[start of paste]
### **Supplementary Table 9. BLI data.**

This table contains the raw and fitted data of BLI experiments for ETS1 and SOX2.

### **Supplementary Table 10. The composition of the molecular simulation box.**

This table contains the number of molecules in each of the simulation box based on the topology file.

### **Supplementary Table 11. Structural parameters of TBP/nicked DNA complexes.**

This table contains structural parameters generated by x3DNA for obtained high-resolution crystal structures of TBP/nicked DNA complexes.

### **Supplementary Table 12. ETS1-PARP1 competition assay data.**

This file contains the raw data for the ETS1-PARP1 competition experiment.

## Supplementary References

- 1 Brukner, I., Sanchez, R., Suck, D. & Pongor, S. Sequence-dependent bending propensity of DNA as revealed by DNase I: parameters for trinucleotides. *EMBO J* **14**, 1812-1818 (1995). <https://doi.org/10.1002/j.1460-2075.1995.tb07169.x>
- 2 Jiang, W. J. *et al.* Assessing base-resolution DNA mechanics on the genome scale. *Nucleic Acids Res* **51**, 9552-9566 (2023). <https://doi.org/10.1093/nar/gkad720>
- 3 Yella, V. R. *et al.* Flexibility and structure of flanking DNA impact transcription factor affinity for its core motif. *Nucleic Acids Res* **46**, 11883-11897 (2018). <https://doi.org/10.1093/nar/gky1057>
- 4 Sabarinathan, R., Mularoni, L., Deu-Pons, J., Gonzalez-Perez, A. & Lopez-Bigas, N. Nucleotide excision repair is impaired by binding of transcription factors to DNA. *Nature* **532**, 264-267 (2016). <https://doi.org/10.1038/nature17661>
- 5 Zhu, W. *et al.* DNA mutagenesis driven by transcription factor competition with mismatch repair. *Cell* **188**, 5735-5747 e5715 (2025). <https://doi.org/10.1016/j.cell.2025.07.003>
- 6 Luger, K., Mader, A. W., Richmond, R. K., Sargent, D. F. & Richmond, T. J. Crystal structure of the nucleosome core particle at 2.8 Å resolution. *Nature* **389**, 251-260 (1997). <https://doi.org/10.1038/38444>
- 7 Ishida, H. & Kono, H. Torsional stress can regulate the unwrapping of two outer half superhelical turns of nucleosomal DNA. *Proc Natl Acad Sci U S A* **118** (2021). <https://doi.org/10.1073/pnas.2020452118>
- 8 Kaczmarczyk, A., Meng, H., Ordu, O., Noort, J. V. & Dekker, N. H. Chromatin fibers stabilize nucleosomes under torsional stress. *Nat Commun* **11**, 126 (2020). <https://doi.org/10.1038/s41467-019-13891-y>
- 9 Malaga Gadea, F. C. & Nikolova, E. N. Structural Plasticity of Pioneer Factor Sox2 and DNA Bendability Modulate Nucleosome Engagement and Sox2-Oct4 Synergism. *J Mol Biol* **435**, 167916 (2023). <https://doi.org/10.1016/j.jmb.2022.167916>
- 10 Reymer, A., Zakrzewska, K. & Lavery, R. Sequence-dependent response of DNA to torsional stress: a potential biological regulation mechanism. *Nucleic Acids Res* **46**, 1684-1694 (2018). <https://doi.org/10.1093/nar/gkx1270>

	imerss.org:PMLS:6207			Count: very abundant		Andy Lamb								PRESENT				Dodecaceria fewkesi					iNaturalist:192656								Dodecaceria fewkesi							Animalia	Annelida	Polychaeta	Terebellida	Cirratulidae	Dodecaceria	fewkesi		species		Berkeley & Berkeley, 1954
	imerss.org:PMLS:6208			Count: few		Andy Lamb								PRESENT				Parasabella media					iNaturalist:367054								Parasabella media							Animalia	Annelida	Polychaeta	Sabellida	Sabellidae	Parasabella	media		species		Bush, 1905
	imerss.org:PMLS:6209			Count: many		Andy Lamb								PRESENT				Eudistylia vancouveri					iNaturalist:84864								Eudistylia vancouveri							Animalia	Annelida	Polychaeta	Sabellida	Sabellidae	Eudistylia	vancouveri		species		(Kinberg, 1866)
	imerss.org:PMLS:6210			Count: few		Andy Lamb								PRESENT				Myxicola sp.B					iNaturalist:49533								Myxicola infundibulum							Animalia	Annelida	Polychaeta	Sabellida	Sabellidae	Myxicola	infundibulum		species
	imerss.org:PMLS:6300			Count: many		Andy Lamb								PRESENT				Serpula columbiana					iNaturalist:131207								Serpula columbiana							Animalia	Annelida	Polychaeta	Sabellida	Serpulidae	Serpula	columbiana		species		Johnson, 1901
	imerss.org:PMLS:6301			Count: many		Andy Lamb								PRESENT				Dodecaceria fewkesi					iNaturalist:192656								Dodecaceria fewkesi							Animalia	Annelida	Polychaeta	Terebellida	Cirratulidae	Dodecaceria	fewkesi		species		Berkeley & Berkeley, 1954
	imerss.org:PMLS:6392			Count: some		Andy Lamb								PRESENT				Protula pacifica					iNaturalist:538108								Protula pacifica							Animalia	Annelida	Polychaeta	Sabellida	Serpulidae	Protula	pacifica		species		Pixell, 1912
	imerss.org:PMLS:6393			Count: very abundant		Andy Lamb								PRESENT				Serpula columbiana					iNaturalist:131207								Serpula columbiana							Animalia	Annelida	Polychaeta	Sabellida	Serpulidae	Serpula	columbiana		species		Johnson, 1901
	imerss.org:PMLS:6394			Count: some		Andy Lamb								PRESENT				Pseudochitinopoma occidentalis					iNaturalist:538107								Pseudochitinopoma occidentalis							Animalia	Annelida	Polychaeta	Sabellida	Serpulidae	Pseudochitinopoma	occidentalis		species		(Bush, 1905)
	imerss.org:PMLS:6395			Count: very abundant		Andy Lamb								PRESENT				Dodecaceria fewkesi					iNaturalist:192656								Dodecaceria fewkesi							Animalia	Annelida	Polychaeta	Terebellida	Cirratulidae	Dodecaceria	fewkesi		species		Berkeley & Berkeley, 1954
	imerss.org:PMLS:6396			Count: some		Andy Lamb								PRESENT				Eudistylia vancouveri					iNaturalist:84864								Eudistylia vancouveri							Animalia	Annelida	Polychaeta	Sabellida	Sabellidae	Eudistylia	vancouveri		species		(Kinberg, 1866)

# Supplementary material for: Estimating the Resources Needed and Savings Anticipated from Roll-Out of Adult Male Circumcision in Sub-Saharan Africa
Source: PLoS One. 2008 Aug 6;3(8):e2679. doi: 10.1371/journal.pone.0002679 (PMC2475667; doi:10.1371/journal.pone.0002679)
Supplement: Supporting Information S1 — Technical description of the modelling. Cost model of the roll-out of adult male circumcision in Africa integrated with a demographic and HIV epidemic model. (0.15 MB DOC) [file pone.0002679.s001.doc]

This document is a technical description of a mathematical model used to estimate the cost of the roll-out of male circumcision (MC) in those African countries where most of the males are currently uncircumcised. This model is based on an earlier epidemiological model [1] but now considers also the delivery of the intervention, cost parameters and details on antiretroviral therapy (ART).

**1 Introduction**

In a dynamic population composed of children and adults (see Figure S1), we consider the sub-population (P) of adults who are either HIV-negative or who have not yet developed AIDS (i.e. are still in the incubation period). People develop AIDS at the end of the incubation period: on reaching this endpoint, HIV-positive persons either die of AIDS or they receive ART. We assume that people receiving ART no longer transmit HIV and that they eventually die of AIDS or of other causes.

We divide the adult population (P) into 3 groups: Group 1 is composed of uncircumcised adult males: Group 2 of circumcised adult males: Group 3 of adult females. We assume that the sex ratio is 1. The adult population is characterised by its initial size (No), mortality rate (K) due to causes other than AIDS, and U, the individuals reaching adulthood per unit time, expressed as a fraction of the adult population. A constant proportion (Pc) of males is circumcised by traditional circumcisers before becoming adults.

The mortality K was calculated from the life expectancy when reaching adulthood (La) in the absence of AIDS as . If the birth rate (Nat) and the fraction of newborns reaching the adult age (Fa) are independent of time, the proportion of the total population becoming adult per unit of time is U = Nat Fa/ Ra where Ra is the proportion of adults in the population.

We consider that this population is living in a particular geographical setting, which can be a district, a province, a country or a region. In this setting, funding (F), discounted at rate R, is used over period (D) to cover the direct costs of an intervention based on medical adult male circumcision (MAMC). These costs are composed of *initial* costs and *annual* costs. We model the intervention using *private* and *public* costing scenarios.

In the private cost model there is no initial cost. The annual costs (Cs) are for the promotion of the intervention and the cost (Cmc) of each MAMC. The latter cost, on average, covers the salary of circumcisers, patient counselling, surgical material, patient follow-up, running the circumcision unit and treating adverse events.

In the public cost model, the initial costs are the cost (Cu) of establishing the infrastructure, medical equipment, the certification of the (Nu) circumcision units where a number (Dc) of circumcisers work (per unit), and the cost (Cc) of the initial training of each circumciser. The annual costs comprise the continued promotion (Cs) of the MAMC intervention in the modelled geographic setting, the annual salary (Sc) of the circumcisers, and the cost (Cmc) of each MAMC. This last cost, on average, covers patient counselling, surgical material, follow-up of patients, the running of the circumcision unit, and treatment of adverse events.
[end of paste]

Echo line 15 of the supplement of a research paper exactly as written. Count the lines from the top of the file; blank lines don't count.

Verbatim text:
- 6 Luger, K., Mader, A. W., Richmond, R. K., Sargent, D. F. & Richmond, T. J. Crystal structure of the nucleosome core particle at 2.8 Å resolution. *Nature* **389**, 251-260 (1997). <https://doi.org/10.1038/38444>